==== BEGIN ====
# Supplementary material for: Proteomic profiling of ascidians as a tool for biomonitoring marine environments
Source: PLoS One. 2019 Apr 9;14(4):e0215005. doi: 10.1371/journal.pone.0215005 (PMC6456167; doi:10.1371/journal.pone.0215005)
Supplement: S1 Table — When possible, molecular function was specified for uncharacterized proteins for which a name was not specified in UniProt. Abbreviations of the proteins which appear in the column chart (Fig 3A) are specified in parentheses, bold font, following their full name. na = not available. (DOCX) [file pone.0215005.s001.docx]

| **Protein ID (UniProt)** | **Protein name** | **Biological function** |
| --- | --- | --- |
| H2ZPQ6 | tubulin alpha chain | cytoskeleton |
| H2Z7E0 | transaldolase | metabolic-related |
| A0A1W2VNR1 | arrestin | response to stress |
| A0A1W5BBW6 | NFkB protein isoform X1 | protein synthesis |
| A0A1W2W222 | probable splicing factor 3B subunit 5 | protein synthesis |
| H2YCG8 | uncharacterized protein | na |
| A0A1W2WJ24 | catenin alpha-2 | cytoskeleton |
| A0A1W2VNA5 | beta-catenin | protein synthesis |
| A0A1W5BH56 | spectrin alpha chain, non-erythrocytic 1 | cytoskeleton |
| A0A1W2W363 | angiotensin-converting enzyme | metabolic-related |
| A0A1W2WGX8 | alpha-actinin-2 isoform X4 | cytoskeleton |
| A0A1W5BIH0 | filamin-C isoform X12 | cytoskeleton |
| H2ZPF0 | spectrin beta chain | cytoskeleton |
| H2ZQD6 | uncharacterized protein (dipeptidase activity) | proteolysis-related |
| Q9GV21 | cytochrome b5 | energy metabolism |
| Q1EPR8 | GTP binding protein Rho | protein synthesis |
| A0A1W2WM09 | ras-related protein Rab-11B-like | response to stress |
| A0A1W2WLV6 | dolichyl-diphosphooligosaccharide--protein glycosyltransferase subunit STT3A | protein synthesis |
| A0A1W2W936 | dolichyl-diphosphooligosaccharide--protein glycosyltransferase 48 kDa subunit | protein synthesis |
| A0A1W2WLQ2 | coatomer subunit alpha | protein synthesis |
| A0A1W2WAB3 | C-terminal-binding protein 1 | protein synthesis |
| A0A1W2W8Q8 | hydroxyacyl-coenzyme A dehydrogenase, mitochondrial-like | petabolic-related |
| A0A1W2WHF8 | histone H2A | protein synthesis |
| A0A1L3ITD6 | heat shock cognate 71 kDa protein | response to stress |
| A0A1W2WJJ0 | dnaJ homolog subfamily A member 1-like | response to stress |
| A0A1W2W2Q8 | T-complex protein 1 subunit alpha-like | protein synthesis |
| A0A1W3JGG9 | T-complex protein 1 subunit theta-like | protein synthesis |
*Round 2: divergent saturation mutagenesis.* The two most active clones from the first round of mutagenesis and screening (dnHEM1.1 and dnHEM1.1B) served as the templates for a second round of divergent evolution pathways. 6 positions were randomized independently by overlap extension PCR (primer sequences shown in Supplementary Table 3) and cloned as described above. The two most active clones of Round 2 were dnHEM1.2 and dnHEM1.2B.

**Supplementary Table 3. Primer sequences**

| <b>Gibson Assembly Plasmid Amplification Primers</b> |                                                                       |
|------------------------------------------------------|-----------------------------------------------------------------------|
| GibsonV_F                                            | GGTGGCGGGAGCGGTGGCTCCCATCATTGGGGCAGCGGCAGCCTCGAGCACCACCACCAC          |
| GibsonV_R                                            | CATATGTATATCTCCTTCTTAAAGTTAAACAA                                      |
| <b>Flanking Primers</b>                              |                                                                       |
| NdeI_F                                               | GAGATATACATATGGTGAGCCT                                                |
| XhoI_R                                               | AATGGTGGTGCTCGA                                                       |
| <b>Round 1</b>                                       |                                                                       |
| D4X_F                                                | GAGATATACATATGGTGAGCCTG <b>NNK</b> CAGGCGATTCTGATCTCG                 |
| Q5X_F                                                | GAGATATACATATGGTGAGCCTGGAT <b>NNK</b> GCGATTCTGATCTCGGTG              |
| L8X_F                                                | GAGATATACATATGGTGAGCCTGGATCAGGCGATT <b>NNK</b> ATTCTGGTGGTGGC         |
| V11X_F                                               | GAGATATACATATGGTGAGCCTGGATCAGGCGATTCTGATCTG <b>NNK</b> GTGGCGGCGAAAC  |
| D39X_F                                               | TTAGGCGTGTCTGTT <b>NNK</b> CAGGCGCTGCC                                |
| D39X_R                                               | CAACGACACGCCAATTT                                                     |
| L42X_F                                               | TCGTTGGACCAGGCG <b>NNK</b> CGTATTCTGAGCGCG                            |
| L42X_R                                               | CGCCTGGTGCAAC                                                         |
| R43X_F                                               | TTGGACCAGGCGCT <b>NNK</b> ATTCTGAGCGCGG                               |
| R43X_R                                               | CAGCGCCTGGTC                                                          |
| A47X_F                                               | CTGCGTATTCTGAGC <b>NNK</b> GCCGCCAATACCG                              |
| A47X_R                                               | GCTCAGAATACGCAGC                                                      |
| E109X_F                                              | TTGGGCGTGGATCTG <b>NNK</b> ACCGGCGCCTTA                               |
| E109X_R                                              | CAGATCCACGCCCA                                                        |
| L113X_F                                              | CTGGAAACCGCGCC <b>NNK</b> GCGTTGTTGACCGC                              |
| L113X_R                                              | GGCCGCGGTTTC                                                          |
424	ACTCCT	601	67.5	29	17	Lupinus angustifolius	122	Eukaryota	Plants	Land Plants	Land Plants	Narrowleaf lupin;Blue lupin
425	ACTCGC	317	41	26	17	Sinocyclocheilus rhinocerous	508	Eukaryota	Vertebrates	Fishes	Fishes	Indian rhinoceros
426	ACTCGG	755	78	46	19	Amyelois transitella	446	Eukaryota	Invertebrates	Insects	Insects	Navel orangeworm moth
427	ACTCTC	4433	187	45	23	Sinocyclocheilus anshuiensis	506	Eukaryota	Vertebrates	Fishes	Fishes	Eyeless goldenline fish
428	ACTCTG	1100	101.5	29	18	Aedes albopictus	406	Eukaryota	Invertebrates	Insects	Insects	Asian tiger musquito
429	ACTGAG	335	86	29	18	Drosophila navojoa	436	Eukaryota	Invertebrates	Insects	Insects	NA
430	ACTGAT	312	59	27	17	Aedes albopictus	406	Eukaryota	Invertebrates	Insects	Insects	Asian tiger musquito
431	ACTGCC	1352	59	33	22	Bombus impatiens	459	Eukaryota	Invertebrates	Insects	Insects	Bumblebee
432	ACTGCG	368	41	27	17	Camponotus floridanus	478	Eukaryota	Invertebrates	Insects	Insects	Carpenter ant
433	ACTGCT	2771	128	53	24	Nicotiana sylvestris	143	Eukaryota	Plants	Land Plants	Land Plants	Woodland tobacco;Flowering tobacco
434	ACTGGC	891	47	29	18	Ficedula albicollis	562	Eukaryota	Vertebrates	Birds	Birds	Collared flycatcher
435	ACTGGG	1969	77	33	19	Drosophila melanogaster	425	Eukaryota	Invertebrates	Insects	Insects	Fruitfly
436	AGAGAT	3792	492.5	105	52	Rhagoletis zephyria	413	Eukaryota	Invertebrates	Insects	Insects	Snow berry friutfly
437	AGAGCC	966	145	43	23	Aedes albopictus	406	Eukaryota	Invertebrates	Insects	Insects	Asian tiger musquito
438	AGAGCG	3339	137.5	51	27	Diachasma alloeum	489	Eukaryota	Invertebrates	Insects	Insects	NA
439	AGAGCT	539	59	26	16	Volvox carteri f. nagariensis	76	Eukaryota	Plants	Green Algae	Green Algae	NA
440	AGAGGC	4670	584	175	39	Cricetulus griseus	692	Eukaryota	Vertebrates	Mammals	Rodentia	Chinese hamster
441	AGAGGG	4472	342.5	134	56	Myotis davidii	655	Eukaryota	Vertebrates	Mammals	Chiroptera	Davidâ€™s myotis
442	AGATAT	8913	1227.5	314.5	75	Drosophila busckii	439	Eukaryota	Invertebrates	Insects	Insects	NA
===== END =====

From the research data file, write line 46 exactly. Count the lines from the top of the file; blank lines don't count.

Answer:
| V11X_F                                               | GAGATATACATATGGTGAGCCTGGATCAGGCGATTCTGATCTG <b>NNK</b> GTGGCGGCGAAAC  |